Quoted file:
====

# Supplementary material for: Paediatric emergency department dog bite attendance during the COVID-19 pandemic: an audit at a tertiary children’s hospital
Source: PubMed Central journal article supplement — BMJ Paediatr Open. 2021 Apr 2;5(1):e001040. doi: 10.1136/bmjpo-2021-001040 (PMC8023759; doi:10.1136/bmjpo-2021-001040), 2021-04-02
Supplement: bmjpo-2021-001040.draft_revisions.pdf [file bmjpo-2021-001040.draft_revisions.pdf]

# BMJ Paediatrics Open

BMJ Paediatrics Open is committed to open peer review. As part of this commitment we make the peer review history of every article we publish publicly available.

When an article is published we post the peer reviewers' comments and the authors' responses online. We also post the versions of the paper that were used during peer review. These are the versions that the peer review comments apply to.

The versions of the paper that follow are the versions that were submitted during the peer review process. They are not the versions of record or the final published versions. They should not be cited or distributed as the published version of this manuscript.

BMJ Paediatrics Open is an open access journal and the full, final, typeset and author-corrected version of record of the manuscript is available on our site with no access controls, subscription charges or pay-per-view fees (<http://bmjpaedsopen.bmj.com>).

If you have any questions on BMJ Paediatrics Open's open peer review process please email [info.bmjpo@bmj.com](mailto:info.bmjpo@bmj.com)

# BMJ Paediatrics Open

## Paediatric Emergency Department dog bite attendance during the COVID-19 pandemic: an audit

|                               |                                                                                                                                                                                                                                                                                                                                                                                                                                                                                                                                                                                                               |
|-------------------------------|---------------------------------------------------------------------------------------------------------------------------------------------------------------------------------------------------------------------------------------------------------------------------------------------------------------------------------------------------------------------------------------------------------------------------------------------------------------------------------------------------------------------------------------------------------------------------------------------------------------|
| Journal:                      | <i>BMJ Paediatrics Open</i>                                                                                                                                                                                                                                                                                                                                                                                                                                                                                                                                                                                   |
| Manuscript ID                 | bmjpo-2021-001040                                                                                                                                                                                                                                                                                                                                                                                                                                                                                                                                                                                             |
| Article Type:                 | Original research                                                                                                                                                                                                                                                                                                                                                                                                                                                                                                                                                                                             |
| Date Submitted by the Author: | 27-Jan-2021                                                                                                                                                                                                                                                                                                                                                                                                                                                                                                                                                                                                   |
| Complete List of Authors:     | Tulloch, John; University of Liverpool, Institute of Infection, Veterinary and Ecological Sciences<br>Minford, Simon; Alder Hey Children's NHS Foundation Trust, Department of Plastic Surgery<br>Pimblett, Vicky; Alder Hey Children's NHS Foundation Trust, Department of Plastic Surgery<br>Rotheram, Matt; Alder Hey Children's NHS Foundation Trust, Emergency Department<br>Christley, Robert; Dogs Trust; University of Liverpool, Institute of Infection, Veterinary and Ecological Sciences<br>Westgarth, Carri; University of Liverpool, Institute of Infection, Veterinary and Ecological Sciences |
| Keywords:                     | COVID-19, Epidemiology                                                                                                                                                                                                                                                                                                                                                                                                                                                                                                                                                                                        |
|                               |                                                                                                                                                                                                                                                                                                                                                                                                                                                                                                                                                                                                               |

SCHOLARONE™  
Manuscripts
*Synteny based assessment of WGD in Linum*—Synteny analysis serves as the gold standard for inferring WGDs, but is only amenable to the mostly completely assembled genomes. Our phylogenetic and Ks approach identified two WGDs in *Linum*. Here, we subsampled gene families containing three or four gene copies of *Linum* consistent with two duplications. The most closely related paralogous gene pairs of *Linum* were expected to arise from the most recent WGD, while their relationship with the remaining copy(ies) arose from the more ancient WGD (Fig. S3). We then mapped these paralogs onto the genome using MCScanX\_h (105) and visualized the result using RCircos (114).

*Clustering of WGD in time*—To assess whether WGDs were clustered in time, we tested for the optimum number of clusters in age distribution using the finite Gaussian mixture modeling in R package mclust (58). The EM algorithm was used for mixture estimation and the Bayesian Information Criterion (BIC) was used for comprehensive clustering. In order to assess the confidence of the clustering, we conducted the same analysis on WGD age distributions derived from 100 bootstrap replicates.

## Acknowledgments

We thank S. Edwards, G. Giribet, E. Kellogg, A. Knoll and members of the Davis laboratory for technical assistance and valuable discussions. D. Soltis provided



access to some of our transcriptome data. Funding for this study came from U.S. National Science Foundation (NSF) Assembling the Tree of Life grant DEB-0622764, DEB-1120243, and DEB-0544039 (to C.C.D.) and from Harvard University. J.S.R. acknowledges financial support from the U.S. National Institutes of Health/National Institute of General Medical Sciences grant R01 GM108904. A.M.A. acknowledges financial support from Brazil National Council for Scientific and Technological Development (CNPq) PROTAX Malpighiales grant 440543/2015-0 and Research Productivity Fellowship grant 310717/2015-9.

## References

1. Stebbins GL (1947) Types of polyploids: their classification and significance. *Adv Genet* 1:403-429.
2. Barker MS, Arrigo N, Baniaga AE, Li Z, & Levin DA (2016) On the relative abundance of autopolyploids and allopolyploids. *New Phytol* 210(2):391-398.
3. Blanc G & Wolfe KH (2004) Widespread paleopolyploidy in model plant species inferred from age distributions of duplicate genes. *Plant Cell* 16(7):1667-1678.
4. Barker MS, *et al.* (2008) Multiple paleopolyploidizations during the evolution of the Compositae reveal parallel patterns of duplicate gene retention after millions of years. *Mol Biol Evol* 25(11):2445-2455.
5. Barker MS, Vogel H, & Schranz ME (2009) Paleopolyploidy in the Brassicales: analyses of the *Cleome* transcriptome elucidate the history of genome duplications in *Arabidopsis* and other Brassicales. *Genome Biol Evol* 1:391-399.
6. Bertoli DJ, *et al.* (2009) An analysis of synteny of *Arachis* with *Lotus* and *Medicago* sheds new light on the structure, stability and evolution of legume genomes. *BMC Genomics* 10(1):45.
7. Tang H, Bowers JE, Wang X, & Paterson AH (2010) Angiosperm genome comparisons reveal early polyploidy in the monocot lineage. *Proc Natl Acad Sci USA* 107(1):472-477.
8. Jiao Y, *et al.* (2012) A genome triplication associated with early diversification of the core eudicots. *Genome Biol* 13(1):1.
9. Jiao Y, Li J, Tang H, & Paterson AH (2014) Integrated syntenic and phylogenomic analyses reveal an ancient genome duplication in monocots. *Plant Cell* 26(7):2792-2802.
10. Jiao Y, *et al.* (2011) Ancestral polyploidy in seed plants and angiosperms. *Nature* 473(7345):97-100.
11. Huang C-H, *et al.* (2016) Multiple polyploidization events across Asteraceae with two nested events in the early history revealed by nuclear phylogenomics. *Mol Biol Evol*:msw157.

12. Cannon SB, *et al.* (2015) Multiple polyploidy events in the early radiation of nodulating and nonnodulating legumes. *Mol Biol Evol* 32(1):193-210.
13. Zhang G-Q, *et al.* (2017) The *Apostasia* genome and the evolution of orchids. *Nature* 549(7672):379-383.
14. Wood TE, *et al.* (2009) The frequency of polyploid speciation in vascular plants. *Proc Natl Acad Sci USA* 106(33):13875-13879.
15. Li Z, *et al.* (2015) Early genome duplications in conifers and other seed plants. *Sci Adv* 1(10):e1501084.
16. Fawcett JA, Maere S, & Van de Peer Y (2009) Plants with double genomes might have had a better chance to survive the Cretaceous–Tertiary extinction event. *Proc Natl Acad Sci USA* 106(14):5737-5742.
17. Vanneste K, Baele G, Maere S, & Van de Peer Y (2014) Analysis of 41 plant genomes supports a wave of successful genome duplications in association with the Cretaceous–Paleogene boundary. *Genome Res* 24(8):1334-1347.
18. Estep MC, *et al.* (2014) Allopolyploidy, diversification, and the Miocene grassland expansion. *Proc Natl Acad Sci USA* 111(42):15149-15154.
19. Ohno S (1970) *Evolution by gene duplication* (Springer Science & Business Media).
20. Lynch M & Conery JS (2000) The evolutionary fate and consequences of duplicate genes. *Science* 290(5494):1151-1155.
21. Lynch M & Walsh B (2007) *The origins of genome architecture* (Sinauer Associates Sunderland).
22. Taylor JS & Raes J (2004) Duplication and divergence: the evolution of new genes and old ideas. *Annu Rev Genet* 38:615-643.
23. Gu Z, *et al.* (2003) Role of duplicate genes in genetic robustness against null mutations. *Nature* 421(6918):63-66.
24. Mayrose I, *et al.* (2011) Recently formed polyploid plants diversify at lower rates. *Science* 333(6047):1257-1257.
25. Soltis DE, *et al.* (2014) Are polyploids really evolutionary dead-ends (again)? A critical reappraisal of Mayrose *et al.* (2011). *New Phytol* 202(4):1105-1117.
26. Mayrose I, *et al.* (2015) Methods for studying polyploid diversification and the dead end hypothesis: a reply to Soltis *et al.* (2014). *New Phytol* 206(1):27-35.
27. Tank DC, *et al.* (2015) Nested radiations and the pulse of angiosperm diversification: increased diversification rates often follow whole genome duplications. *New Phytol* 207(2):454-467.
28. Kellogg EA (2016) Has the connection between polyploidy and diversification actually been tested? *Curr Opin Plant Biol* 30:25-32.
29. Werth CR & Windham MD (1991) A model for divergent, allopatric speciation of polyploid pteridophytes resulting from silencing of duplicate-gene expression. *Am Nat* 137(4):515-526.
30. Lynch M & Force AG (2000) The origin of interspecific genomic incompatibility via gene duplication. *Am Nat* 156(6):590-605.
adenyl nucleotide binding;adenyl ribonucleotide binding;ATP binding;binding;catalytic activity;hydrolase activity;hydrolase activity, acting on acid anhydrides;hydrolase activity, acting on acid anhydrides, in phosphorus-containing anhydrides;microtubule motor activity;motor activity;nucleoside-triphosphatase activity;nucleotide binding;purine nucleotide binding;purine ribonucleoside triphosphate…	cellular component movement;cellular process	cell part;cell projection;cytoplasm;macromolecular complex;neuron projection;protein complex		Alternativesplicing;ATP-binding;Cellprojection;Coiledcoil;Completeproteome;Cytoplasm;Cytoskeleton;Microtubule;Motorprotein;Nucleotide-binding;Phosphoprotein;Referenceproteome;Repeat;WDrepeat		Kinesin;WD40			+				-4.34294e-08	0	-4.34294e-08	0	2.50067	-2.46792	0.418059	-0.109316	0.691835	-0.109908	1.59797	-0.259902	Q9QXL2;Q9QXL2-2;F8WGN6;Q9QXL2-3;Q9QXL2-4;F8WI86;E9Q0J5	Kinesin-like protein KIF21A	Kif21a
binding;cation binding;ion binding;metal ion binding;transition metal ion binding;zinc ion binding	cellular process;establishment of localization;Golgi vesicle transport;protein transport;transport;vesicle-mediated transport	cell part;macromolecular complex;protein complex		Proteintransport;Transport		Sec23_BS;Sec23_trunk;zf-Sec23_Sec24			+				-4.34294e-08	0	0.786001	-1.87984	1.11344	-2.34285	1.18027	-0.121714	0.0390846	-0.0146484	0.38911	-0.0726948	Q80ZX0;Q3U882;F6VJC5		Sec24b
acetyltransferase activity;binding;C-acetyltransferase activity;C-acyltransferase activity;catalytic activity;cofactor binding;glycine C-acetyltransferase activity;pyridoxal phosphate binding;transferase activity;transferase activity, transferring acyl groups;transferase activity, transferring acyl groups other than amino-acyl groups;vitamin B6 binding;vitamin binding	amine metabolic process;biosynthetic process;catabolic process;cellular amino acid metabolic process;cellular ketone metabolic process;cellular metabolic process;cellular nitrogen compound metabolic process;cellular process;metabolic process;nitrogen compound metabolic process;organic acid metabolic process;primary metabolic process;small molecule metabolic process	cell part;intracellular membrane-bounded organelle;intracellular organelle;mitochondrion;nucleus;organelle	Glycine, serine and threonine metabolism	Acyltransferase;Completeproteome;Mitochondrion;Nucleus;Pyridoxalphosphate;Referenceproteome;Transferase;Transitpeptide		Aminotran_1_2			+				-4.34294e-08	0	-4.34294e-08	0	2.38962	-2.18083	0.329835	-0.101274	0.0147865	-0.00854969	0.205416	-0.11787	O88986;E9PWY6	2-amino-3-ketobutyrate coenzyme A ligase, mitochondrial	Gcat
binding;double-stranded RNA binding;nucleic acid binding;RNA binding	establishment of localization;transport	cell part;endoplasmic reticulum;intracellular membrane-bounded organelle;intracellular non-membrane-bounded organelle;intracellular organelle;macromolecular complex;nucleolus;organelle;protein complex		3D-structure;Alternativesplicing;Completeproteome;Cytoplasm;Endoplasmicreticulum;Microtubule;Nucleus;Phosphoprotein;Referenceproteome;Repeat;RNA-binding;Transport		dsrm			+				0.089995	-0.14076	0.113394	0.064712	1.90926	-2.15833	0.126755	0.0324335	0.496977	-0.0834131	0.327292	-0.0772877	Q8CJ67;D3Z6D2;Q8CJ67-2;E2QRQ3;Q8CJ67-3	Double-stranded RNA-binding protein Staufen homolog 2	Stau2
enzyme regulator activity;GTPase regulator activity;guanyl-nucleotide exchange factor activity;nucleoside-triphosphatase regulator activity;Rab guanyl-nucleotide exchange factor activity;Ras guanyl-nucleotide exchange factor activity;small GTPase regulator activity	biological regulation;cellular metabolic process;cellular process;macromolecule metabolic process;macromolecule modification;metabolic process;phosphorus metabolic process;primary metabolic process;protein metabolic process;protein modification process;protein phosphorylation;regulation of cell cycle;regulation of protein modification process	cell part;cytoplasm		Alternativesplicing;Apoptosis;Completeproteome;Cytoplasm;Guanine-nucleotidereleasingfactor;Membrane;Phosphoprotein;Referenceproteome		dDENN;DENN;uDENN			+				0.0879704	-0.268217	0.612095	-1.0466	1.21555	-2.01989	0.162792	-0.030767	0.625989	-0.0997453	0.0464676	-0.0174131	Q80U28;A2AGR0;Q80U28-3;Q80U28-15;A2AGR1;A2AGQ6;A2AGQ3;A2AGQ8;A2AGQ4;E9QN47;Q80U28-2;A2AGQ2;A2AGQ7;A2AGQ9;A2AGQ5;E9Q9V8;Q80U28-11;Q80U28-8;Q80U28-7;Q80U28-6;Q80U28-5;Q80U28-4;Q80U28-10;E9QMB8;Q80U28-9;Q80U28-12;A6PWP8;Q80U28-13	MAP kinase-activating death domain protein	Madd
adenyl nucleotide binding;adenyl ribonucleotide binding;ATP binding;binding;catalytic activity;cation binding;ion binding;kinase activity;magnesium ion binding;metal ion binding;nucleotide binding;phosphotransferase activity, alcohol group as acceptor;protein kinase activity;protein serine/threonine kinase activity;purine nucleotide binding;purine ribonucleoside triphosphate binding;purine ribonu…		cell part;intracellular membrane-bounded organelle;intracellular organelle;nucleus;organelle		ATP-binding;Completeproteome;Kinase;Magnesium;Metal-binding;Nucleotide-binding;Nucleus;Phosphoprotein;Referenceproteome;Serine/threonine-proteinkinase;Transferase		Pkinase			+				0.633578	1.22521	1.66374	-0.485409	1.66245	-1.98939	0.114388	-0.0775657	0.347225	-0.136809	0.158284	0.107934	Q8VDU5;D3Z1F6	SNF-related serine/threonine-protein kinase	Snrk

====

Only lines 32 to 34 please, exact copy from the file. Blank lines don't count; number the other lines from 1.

4. Barker MS, *et al.* (2008) Multiple paleopolyploidizations during the evolution of the Compositae reveal parallel patterns of duplicate gene retention after millions of years. *Mol Biol Evol* 25(11):2445-2455.
5. Barker MS, Vogel H, & Schranz ME (2009) Paleopolyploidy in the Brassicales: analyses of the *Cleome* transcriptome elucidate the history of genome duplications in *Arabidopsis* and other Brassicales. *Genome Biol Evol* 1:391-399.
6. Bertoli DJ, *et al.* (2009) An analysis of synteny of *Arachis* with *Lotus* and *Medicago* sheds new light on the structure, stability and evolution of legume genomes. *BMC Genomics* 10(1):45.